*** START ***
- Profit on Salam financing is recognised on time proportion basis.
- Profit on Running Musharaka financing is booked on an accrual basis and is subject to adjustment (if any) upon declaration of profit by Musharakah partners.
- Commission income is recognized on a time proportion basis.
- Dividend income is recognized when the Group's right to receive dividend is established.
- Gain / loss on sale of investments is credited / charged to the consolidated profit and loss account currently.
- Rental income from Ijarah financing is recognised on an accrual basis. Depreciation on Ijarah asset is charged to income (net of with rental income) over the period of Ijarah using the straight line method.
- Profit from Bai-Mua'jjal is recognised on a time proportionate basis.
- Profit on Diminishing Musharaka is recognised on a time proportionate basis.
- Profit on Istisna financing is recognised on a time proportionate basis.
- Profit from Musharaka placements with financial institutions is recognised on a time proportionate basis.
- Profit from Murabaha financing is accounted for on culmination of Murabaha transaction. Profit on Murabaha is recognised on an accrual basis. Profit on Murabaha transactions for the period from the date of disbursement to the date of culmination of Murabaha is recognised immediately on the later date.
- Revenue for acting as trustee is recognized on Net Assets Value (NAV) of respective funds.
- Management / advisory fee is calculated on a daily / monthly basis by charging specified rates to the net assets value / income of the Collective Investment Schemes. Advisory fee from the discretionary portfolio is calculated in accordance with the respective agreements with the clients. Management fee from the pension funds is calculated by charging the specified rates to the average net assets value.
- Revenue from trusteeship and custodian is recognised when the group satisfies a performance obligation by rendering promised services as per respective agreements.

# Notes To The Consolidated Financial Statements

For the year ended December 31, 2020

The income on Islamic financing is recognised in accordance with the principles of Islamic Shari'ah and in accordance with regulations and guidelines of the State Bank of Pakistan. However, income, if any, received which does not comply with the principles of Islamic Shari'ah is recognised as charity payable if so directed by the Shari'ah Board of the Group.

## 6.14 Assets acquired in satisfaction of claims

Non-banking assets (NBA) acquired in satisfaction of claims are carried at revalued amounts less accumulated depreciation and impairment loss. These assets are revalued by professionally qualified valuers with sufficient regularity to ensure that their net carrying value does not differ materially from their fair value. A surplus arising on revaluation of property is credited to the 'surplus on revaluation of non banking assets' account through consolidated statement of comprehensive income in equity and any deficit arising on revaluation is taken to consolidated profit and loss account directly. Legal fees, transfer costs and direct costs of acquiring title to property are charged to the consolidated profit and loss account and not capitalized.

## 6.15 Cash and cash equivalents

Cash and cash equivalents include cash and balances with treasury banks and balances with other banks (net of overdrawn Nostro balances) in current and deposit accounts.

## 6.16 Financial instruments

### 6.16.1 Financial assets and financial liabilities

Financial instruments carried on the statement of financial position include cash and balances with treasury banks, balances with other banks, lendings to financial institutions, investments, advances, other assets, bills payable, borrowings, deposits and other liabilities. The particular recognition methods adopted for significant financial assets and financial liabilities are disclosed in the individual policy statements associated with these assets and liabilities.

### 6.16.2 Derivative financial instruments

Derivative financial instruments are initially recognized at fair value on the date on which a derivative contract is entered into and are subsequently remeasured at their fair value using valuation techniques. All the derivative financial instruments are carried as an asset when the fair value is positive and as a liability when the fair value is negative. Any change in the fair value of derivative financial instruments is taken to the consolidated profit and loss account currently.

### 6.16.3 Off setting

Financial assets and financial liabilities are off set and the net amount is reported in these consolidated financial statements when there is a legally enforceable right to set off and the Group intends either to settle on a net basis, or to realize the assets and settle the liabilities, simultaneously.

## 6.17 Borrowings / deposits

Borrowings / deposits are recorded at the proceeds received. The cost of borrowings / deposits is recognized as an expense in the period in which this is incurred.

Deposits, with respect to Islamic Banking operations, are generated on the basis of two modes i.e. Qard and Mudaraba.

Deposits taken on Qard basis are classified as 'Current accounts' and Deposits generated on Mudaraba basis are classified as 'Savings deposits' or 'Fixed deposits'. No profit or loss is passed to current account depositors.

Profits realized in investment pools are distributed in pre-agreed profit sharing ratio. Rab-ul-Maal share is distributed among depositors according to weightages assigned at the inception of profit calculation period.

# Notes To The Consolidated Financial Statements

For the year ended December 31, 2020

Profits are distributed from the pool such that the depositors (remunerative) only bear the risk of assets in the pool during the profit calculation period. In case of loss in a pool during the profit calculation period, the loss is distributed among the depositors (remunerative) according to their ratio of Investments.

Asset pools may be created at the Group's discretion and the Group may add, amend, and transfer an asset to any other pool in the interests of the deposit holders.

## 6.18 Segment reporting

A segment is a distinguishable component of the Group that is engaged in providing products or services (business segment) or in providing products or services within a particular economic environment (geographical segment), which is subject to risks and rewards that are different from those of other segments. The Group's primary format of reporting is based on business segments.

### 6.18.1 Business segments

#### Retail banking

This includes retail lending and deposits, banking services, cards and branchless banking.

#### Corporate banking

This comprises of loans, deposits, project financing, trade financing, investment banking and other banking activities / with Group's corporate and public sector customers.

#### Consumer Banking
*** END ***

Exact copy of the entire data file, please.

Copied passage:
- Profit on Salam financing is recognised on time proportion basis.
- Profit on Running Musharaka financing is booked on an accrual basis and is subject to adjustment (if any) upon declaration of profit by Musharakah partners.
- Commission income is recognized on a time proportion basis.
- Dividend income is recognized when the Group's right to receive dividend is established.
- Gain / loss on sale of investments is credited / charged to the consolidated profit and loss account currently.
- Rental income from Ijarah financing is recognised on an accrual basis. Depreciation on Ijarah asset is charged to income (net of with rental income) over the period of Ijarah using the straight line method.
- Profit from Bai-Mua'jjal is recognised on a time proportionate basis.
- Profit on Diminishing Musharaka is recognised on a time proportionate basis.
- Profit on Istisna financing is recognised on a time proportionate basis.
- Profit from Musharaka placements with financial institutions is recognised on a time proportionate basis.
- Profit from Murabaha financing is accounted for on culmination of Murabaha transaction. Profit on Murabaha is recognised on an accrual basis. Profit on Murabaha transactions for the period from the date of disbursement to the date of culmination of Murabaha is recognised immediately on the later date.
- Revenue for acting as trustee is recognized on Net Assets Value (NAV) of respective funds.
- Management / advisory fee is calculated on a daily / monthly basis by charging specified rates to the net assets value / income of the Collective Investment Schemes. Advisory fee from the discretionary portfolio is calculated in accordance with the respective agreements with the clients. Management fee from the pension funds is calculated by charging the specified rates to the average net assets value.
- Revenue from trusteeship and custodian is recognised when the group satisfies a performance obligation by rendering promised services as per respective agreements.

# Notes To The Consolidated Financial Statements

For the year ended December 31, 2020

The income on Islamic financing is recognised in accordance with the principles of Islamic Shari'ah and in accordance with regulations and guidelines of the State Bank of Pakistan. However, income, if any, received which does not comply with the principles of Islamic Shari'ah is recognised as charity payable if so directed by the Shari'ah Board of the Group.

## 6.14 Assets acquired in satisfaction of claims

Non-banking assets (NBA) acquired in satisfaction of claims are carried at revalued amounts less accumulated depreciation and impairment loss. These assets are revalued by professionally qualified valuers with sufficient regularity to ensure that their net carrying value does not differ materially from their fair value. A surplus arising on revaluation of property is credited to the 'surplus on revaluation of non banking assets' account through consolidated statement of comprehensive income in equity and any deficit arising on revaluation is taken to consolidated profit and loss account directly. Legal fees, transfer costs and direct costs of acquiring title to property are charged to the consolidated profit and loss account and not capitalized.

## 6.15 Cash and cash equivalents

Cash and cash equivalents include cash and balances with treasury banks and balances with other banks (net of overdrawn Nostro balances) in current and deposit accounts.

## 6.16 Financial instruments

### 6.16.1 Financial assets and financial liabilities

Financial instruments carried on the statement of financial position include cash and balances with treasury banks, balances with other banks, lendings to financial institutions, investments, advances, other assets, bills payable, borrowings, deposits and other liabilities. The particular recognition methods adopted for significant financial assets and financial liabilities are disclosed in the individual policy statements associated with these assets and liabilities.

### 6.16.2 Derivative financial instruments

Derivative financial instruments are initially recognized at fair value on the date on which a derivative contract is entered into and are subsequently remeasured at their fair value using valuation techniques. All the derivative financial instruments are carried as an asset when the fair value is positive and as a liability when the fair value is negative. Any change in the fair value of derivative financial instruments is taken to the consolidated profit and loss account currently.

### 6.16.3 Off setting

Financial assets and financial liabilities are off set and the net amount is reported in these consolidated financial statements when there is a legally enforceable right to set off and the Group intends either to settle on a net basis, or to realize the assets and settle the liabilities, simultaneously.

## 6.17 Borrowings / deposits

Borrowings / deposits are recorded at the proceeds received. The cost of borrowings / deposits is recognized as an expense in the period in which this is incurred.

Deposits, with respect to Islamic Banking operations, are generated on the basis of two modes i.e. Qard and Mudaraba.

Deposits taken on Qard basis are classified as 'Current accounts' and Deposits generated on Mudaraba basis are classified as 'Savings deposits' or 'Fixed deposits'. No profit or loss is passed to current account depositors.

Profits realized in investment pools are distributed in pre-agreed profit sharing ratio. Rab-ul-Maal share is distributed among depositors according to weightages assigned at the inception of profit calculation period.

# Notes To The Consolidated Financial Statements

For the year ended December 31, 2020

Profits are distributed from the pool such that the depositors (remunerative) only bear the risk of assets in the pool during the profit calculation period. In case of loss in a pool during the profit calculation period, the loss is distributed among the depositors (remunerative) according to their ratio of Investments.

Asset pools may be created at the Group's discretion and the Group may add, amend, and transfer an asset to any other pool in the interests of the deposit holders.

## 6.18 Segment reporting

A segment is a distinguishable component of the Group that is engaged in providing products or services (business segment) or in providing products or services within a particular economic environment (geographical segment), which is subject to risks and rewards that are different from those of other segments. The Group's primary format of reporting is based on business segments.

### 6.18.1 Business segments

#### Retail banking

This includes retail lending and deposits, banking services, cards and branchless banking.

#### Corporate banking

This comprises of loans, deposits, project financing, trade financing, investment banking and other banking activities / with Group's corporate and public sector customers.

#### Consumer Banking